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Queens has blurred its conection to the rest of Long Island by renaming its old roads, but Flushing Avenue survives as a historic throwback.You’d think that a road with a pedigree like Flushing Avenue’s would be the El Camino Real of Brooklyn and Queens.Instead, to paraphrase a twangin’ Duane Eddy classic song title, it’s five miles of bad road.

The westernmost section is the oldest, dating to the colonial era and earlier; it ran east from the now-filled Wallabout Mill Pond in what is now the Navy Yard east to Bushwick Avenue.

(At its western end, Flushing Avenue becomes Nassau Street; further east, a short street just south of Flushing Avenue and Kent Avenue is called Little Nassau Street.) By about 1805, tolls were being charged and the road was known as the Brooklyn and Newtown Turnpike.

(A long wooden pole, or pike, was placed across the road; this pike was turned, or moved out of the way, when the toll was collected.) The B&N was extended to Broadway in 1850, and to Bushwick Avenue in 1858.

The Long Island Rail Road, celebrating its 170th anniversary in 2004, crosses Flushing Avenue in style at 56th Street in Maspeth The first thing to remember about Flushing Avenue is that it doesn’t go to Flushing; in fact, it doesn’t approach within five miles of it.

Flushing Avenue takes its unusual name because of the relative isolation of Flushing, Queens.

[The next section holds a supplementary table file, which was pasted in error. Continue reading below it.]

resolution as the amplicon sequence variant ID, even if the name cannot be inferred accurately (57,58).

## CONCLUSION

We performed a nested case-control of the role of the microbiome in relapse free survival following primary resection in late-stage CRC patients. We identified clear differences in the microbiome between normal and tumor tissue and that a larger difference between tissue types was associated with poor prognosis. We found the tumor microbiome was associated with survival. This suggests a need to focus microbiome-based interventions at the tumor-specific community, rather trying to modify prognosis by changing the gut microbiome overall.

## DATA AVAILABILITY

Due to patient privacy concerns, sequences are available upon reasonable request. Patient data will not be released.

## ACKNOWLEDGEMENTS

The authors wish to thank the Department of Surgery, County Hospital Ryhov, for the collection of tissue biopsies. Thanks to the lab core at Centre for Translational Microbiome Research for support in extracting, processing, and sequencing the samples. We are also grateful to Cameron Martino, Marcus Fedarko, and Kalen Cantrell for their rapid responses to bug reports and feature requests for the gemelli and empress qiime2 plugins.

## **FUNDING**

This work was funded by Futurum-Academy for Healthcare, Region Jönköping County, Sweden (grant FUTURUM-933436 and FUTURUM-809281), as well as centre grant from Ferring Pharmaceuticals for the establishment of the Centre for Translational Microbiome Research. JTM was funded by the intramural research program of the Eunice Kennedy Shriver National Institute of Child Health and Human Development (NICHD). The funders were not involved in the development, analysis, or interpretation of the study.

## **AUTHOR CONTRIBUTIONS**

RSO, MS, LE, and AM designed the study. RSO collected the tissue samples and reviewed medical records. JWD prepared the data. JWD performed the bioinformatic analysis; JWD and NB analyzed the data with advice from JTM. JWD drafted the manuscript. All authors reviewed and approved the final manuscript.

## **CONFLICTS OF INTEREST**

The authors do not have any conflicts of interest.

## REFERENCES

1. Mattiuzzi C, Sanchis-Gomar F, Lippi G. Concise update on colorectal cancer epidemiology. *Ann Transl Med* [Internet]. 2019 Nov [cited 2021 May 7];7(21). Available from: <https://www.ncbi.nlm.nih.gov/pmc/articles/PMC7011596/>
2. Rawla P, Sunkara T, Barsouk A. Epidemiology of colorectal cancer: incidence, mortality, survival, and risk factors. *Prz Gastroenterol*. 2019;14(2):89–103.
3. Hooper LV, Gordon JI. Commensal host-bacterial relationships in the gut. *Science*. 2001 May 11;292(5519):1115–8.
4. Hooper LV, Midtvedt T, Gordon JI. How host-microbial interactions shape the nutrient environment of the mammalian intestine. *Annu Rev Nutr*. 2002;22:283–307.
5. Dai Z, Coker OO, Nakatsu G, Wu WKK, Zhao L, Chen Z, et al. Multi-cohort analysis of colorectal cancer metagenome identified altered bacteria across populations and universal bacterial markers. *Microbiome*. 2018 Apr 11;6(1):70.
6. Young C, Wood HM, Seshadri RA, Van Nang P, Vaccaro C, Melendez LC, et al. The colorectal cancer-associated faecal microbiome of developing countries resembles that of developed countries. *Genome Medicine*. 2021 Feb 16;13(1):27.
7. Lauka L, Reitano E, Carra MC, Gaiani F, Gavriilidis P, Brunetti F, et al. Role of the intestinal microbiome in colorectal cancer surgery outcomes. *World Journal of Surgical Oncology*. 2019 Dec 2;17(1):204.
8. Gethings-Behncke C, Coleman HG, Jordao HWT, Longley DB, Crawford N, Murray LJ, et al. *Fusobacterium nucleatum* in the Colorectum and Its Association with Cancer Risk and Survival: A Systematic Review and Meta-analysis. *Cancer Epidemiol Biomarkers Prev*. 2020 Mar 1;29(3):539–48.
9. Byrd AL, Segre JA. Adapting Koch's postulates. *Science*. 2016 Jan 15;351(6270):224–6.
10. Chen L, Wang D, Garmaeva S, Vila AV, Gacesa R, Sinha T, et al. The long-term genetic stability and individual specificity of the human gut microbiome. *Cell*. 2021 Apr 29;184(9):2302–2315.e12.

In the colonial era, marshy land and creeks cut Flushing off from traffic from the west, and as there were few good roads into Flushing, carts and coaches had to first go to Jamaica and travel north from there.Flushing Avenue, in the past, was a toll road built to be an alternative to the southern approach.Beyond Bushwick Avenue the road ran in a sinuous, circuitous fashion to avoid hills.In 1868, the hills were leveled, the road was straightened and, by 1893, the road had its present form and length it has today, extending out to the junction at Grand Street (later Avenue) and Maspeth Avenue.(To muddy the water even further, an even older road extended southwest from what would be the Brooklyn and Newtown Turnpike at what would be Broadway in the colonial era, joining a highway known as Cripplebush Road, which ran approximately in a north-south route where Bedford Avenue is today.) Flushing Avenue, therefore, is in the tradition of streets and roads named to be.Amboy Road in Staten Island went to a vanished ferry to Perth Amboy, New Jersey; White Plains Road in the Bronx goes to a network of roads that, if you go the right way, will get you to White Plains; formerly, Queens had a whole group of Hempstead and North Hempstead Turnpikes (of which Hempstead Avenue is the only vestige, connecting to Nassau and Suffolk’s lengthy Hempstead Turnpike).

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